Remembering Henry Fisk, the Rice County hermit

Cannon River Wilderness Area Cannon River Wilderness Area Cannon River Wilderness Area
While snowshoeing at the east end of the Cannon River Wilderness Area last weekend, I pointed out to my niece the approximate spot where Henry Fisk, the Rice County hermit, lived.  Robbie and I happened upon his sparse living quarters when we first moved to Northfield in 1974 but I don’t remember if he was still living there.

Northfield News columnist Maggie Lee wrote several columns about Fisk (also spelled ‘Fiske’) back in 2006, and many people chimed in with letters-to-editor about him. (Do a search there on both spellings of his name.)

Anyone have memories of Henry?  Anyone have a photo of him?


Update 2/26, 9 am: Scout leader Clark Webster showed up at my office at GBM today with a photo of Henry Fisk, taken by Fran Hall circa 1960. Clark has donated the photo to the Boy Scout Troop 337 Scout House at Carleton College.

Clark Webster with Henry Fisk photo A photo of the Henry Fisk photo A photo of the back of the Henry Fisk photo

Update 2/28, 7 am: Clark Webster told me that it was Boy Scout Troop 337 (one of three Northfield area Boy Scout troops of the Rolling Hills Boy Scout District) who erected the footbridge over ‘Fiske Creek’ and put up a historical marker at the site of Henry’s cabin. Robbie and I visited yesterday and took these photos of the footbridge:

Footbridge over Fiske Creek, Cannon River Wilderness Area Footbridge over Fiske Creek, Cannon River Wilderness Area Footbridge over Fiske Creek, Cannon River Wilderness Area Footbridge over Fiske Creek, Cannon River Wilderness Area Footbridge over Fiske Creek, Cannon River Wilderness Area, Troop 337 FCRWA 2000

She spotted the historical marker, now slightly damaged by weather and animals. The text, authored by Paul Jenson “with editing and assistance from C. Umbanhowar Jr.” includes the gruesome story of the murder of Henry’s brother, August Fiske. I’m trying to get a fresh copy of the text from Clark.

Henry Fiske historical marker, Cannon River Wilderness Area Henry Fiske historical marker, Cannon River Wilderness Area Henry Fiske historical marker, Cannon River Wilderness Area Henry Fiske historical marker, Cannon River Wilderness Area Henry Fiske historical marker, Cannon River Wilderness Area

Update 6/18/2010: Clark Webster provided me with a 7 page printout of a document titled The Rice County Wilderness Area – A Concise History by Paul Jensen, with editing and assistance from C. Umbanhowar, Jr. – January 1966.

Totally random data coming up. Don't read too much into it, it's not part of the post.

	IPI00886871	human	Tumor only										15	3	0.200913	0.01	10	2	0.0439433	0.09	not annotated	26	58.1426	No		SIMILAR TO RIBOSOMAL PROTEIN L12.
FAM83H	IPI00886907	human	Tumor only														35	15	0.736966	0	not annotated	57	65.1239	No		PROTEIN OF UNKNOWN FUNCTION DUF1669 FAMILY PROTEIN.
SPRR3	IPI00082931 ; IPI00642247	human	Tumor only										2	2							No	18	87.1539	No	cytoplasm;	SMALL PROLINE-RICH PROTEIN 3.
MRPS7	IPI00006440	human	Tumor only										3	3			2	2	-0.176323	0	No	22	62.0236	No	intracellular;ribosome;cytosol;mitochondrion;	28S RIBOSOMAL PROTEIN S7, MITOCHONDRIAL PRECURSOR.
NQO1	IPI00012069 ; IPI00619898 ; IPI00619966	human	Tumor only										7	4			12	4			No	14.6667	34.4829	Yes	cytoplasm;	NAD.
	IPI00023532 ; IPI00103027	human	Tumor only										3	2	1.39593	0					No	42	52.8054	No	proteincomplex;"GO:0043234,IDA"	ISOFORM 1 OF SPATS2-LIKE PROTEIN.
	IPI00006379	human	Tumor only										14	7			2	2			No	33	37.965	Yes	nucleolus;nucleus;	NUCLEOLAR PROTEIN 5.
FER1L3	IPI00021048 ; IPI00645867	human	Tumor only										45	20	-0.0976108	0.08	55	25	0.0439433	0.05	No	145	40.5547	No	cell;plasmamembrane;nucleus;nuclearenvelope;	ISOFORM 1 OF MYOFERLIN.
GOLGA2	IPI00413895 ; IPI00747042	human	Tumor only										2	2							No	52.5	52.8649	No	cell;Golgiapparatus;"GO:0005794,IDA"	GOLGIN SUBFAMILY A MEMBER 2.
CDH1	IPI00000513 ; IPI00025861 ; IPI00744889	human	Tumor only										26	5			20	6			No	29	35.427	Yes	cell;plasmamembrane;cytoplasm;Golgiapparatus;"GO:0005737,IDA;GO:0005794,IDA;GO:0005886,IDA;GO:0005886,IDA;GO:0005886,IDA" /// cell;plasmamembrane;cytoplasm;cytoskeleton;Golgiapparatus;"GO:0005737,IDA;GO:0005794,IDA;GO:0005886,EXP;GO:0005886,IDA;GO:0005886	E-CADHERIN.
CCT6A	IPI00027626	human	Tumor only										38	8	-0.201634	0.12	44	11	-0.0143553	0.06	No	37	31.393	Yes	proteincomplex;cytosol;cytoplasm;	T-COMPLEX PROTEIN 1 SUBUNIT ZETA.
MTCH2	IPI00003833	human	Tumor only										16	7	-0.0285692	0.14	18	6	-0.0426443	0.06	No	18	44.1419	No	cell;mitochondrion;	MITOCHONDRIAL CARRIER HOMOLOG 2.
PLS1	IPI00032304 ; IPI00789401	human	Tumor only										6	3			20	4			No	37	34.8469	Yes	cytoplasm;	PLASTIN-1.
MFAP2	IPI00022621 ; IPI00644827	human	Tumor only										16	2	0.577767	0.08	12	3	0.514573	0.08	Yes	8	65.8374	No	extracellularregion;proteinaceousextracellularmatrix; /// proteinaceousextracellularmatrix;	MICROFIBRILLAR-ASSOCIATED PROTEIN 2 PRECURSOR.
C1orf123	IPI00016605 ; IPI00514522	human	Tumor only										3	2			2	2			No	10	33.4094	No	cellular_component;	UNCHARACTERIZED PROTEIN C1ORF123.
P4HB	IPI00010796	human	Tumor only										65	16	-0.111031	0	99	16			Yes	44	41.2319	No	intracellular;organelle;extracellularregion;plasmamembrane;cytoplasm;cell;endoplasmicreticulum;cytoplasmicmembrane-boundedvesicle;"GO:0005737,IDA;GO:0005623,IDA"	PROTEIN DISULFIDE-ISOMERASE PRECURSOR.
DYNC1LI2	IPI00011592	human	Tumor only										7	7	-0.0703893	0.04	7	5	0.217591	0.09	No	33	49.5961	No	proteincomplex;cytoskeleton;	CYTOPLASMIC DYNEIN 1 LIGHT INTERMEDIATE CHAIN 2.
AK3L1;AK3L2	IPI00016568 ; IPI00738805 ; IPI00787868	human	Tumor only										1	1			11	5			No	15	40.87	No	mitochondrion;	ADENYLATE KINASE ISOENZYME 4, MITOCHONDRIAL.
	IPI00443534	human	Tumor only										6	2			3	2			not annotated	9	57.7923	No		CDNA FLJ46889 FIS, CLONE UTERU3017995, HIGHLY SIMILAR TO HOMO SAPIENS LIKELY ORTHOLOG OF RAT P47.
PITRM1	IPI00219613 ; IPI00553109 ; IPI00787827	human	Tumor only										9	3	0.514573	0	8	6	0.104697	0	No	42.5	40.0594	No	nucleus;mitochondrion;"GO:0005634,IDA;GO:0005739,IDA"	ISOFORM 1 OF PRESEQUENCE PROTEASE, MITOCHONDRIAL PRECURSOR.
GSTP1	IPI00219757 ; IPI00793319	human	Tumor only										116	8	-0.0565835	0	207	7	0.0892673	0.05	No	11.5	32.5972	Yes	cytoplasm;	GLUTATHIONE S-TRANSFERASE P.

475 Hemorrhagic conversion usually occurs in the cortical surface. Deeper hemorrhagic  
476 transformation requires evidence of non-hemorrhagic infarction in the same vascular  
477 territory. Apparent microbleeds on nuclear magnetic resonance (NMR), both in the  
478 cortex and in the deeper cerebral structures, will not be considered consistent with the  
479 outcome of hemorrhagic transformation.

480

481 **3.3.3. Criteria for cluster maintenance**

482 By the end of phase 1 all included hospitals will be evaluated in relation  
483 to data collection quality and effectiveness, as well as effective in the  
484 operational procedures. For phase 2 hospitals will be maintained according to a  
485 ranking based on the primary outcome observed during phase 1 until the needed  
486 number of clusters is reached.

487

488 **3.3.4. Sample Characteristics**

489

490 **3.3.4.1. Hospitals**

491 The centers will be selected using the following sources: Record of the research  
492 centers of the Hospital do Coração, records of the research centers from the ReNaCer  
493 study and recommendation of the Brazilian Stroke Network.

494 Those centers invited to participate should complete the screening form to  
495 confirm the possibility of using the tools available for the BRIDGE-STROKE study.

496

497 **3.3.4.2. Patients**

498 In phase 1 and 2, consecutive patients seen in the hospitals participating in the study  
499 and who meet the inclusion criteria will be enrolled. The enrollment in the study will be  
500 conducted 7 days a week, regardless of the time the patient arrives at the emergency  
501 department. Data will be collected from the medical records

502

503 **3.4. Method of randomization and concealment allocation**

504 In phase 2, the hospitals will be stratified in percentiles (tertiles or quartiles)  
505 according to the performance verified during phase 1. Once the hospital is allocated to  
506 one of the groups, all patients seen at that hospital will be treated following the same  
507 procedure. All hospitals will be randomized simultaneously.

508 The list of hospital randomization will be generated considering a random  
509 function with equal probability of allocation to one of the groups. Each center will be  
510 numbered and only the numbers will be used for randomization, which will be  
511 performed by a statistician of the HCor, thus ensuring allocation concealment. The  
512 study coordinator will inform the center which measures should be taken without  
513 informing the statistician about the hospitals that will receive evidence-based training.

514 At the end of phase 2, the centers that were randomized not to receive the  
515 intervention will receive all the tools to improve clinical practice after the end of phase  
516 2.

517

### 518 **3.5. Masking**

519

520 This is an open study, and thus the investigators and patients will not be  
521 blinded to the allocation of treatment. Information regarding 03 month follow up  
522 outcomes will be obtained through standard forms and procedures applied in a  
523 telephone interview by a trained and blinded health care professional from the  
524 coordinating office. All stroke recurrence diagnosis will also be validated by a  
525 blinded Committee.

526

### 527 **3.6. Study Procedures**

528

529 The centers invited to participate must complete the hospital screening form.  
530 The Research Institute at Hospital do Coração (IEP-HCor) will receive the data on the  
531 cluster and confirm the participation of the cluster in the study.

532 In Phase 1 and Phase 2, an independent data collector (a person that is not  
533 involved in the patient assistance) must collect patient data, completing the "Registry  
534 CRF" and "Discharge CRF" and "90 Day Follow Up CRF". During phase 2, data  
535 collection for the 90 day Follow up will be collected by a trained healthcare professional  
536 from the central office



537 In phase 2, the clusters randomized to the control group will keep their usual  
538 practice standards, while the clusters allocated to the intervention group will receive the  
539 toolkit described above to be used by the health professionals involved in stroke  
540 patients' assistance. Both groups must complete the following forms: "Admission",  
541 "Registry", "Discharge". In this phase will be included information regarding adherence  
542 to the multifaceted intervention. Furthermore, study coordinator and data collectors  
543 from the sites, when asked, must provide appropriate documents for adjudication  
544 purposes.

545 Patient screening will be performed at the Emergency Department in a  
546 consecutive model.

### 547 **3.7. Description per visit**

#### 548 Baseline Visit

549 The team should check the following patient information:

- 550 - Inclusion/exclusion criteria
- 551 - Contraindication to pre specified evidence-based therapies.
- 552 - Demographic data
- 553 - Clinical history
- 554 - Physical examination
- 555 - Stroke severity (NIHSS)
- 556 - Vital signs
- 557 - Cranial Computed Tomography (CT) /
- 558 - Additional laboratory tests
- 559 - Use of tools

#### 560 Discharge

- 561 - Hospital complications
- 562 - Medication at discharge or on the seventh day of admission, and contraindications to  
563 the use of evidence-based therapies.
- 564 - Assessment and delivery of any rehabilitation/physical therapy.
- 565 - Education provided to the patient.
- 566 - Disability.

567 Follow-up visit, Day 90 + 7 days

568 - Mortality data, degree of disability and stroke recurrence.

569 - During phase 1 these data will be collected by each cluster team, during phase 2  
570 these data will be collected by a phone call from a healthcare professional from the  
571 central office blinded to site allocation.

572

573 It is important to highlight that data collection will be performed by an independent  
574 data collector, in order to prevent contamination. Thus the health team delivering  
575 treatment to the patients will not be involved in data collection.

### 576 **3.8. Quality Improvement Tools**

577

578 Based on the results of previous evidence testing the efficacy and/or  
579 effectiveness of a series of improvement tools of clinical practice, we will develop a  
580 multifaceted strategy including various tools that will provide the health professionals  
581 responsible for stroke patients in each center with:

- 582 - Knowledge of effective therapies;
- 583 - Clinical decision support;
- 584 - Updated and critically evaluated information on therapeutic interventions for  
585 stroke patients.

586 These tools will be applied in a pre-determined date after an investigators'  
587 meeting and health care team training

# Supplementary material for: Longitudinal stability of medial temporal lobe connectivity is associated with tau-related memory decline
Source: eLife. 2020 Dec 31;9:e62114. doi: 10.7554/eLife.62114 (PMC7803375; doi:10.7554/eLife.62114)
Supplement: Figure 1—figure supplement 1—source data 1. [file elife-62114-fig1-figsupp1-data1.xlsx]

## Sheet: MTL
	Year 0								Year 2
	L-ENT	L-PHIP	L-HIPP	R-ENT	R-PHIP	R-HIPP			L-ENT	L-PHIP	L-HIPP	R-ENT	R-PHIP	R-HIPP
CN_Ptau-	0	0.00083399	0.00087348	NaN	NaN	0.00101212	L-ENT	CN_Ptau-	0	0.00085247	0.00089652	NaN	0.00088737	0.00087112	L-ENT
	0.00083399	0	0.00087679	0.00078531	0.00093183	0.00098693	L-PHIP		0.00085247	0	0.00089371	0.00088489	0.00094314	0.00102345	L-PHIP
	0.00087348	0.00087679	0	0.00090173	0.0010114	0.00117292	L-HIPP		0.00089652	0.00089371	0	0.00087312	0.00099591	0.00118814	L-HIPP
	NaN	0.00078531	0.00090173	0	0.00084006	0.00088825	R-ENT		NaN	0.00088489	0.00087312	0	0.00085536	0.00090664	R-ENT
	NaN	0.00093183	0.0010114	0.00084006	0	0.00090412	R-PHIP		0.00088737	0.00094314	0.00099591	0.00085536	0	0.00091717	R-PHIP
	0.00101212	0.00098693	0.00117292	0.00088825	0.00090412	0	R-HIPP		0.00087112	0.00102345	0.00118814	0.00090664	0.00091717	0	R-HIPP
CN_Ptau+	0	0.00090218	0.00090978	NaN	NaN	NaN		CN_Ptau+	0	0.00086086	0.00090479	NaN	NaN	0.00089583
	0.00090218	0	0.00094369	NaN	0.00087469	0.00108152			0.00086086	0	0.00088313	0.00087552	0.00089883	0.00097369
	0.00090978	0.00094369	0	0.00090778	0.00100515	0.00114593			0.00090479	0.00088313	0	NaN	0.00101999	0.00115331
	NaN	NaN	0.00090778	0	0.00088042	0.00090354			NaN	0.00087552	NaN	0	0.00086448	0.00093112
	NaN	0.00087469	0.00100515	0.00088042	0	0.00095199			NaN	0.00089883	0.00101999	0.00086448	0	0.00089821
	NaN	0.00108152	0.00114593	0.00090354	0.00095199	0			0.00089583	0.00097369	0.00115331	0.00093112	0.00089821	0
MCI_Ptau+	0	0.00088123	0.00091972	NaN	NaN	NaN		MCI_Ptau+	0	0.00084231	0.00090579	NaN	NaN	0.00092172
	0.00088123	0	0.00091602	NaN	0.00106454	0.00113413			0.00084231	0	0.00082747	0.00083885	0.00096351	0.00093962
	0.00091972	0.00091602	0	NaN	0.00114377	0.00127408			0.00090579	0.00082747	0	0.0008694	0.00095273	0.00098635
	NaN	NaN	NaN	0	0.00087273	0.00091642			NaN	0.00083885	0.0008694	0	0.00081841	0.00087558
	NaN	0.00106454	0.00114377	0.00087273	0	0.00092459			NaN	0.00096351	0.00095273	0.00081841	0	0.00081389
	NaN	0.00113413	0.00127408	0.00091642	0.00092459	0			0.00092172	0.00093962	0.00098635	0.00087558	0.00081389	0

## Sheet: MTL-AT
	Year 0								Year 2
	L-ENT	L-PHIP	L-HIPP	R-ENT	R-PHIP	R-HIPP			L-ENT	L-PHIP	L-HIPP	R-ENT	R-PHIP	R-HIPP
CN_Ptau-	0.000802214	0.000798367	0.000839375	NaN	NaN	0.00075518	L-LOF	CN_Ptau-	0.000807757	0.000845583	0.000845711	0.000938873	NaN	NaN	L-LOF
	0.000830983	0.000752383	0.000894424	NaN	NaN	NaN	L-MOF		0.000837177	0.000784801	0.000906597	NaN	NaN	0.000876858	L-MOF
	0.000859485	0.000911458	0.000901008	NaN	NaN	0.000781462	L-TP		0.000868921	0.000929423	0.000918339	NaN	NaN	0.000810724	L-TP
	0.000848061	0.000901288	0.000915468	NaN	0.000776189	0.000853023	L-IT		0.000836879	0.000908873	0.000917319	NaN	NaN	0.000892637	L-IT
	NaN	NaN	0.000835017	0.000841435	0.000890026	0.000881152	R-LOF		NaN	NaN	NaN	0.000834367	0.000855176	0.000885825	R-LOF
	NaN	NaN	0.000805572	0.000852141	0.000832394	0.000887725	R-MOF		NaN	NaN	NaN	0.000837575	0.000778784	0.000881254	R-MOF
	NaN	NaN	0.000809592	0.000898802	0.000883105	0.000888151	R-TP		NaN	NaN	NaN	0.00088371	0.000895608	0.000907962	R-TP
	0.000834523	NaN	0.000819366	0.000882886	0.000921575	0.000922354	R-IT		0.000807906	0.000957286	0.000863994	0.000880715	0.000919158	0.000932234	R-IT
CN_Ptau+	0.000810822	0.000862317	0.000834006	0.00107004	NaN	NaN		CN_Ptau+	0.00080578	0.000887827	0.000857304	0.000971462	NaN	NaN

I scanned it into this PDF:

The kiosk has been updated. I’m not sure when it happened:

Henry Fisk kioske

9 thoughts on “Remembering Henry Fisk, the Rice County hermit”

  1. Speaking of snowshoeing, The Rice Creek Group (working on stream protection ordinance) plans to showshoe and hunt for springs along the creek (trout stream) Saturday morning. They meet at Decker Ave. at 9 am if anyone wants to join in.

    Snowshoes may be available from St. Olaf if you need them. Call Steve Albers. I have a couple of pair, but no experience using them.

  2. Bart, I’d love to see those!

    Clark Webster showed up at my office at GBM today with a photo of Henry Fisk, taken by Fran Hall circa 1960. Clark has donated the photo to the Boy Scout museum at Carleton College.

    I’ve added the photos to the blog post above.

  3. Scoutmaster Clark Webster told me that it was Boy Scout Troop 337 who erected the footbridge over ‘Fiske Creek’ and put up a historical marker at the site of Henry’s cabin. Robbie and I visited yesterday and took photos of the footbridge and the historical marker, now slightly damaged by weather and animals.

    The text, authored by Paul Jenson “with editing and assistance from C. Umbanhowar Jr.” includes the gruesome story of the murder of Henry’s brother, August Fiske.

    I’ve added the photos to the blog post above.

  4. Bart de Malignon wrote:

    Hi, Griff-

    I’m attaching Fran’s comments and pasting them below as well.  I’ve edited Fran’s comments into one piece and I think I’ve captured the essence of his writing.

    Now I’m going to dig out some photographs.  I’ll send an email when I’ve found them – shortly.

    Bart

    ============

    Hermit Henry Fiske, as recalled by Fran Hall